January 19, 2018
January 19, 2018
10 years since Great Recession, state continues to lag
Annual job growth in Ohio is slowing. According to seasonally adjusted December data, released today by the Ohio Department of Job and Family Services (ODJFS), the state added just 38,500 in 2017. This is 11,200 fewer jobs than in 2016. The state is growing at half the national job growth rate (Ohio, 0.7 percent, U.S., 1.4 percent). December brought a slight increase in jobs (+2,500), a welcome break after two months of losses.
These data are subject to revisions. A major update will be released in early March. According to the preliminary data, 2017 was Ohio’s worst year for job growth since the end of the 2007 recession. The state’s best years followed large stimulus investments from the federal government and supports to the recovering auto industry (1.6 percent in 2011 and 1.8 percent in 2014). Since that 2014 peak, the state has been slipping.
“There is no trickle down,” said Hannah Halbert, researcher with Policy Matters Ohio. “Policies that overwhelmingly favor corporations and the rich have made us weaker as a state. Tax cuts for the well-to-do strip revenue from the state so we cannot bring down the cost of higher education, or do enough to prevent and treat opiate addiction.”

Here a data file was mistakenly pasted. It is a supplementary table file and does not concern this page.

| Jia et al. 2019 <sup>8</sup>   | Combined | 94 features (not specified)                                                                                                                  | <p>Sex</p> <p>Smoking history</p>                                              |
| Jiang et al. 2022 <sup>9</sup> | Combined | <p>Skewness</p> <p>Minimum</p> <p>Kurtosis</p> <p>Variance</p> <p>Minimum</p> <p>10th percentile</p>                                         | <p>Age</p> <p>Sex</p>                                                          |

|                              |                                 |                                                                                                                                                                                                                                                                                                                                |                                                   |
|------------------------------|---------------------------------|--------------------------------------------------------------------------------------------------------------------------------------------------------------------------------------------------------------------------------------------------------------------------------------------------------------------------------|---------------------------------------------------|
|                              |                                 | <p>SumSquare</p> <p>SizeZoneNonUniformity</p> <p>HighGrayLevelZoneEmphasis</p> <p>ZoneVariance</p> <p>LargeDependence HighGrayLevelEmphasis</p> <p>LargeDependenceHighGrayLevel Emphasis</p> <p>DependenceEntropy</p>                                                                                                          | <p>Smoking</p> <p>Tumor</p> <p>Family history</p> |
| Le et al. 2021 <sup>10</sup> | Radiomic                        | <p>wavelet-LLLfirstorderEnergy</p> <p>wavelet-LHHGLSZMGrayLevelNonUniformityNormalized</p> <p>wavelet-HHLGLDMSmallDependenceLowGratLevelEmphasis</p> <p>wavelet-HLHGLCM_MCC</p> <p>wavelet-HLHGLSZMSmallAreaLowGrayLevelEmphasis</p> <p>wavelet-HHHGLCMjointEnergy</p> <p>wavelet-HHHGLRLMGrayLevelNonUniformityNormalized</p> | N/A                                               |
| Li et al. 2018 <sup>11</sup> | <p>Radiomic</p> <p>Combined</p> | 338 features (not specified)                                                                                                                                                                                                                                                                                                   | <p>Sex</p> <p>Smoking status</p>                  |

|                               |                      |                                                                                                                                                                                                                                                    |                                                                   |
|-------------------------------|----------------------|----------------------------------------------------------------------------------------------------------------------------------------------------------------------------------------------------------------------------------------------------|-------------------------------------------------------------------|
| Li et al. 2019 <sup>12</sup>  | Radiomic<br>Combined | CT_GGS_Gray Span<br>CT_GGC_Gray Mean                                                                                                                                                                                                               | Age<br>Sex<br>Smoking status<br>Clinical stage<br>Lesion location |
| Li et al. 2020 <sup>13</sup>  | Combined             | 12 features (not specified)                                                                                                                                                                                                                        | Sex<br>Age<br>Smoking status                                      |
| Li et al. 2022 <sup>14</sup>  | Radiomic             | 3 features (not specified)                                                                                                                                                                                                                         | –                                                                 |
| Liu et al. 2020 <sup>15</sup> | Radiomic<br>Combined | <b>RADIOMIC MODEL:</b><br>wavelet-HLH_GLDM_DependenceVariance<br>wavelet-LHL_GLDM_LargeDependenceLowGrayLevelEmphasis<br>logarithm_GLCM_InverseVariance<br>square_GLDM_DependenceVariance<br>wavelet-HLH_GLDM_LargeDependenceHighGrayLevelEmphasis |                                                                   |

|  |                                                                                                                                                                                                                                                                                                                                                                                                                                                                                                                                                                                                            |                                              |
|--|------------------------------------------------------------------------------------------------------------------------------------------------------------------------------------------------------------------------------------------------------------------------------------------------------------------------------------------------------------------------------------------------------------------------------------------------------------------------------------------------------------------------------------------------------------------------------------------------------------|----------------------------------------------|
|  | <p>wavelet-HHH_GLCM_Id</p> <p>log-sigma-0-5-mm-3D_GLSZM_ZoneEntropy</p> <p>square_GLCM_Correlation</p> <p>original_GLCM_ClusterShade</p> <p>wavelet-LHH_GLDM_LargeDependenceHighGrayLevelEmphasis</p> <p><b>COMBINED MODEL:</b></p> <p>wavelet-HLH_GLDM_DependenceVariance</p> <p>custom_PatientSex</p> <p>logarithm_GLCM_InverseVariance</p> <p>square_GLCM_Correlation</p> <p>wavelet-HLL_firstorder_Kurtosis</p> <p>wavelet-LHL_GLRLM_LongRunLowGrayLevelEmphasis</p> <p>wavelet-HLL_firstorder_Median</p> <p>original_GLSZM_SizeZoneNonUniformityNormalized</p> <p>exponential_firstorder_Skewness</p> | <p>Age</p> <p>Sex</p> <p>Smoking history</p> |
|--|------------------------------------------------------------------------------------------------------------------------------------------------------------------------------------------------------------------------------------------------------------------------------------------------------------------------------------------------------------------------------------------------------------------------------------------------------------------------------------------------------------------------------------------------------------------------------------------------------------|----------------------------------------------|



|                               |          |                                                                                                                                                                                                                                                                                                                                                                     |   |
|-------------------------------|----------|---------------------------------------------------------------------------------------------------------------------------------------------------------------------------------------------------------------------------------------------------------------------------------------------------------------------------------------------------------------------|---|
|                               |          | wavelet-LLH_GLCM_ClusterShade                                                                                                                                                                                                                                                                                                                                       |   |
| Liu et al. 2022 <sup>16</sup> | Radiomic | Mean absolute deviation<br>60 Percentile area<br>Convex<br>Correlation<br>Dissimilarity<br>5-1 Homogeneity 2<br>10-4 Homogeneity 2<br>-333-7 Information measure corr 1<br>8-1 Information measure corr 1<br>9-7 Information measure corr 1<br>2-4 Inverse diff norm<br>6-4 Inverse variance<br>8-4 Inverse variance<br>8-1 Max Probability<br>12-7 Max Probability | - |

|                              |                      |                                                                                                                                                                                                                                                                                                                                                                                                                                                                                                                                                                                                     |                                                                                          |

Ohio overhauled our tax system in 2005, cutting taxes for corporations and shifting taxes away from the wealthiest people in the state. Since that time, Ohio jobs have grown by a measly 2.4 percent. The nation grew by 10 percent. Tax cutting policies have continued and the jobs data reflect the same results: slow job growth and a struggling labor force.
The unemployment rate and data on the Ohio labor force are generated by a separate survey. Ohio also trails the nation on these measures. Ohio’s unemployment rate improved to 4.7 percent in December, down from 4.8 percent a month earlier, but still slightly elevated compared to the nation’s 4.1 percent. There’s still slack in our labor market. The number of people employed or seeking work is still down by 200,000 since the start of the recession.
“In the 10 years since the Great Recession started, Ohioans did what they could to stay afloat,” Halbert said. “Many depended on unemployment benefits to keep their homes and pay their bills. Enrollment rates in higher education climbed as workers and students worked to become more competitive in a labor market with few jobs, and even fewer good jobs. What should have been a time of investment to position the state to compete in the new economy was a time of retreat. If we want to bring more people into that recovery we need policies bring us closer to full employment and make work pay.”
1 of 22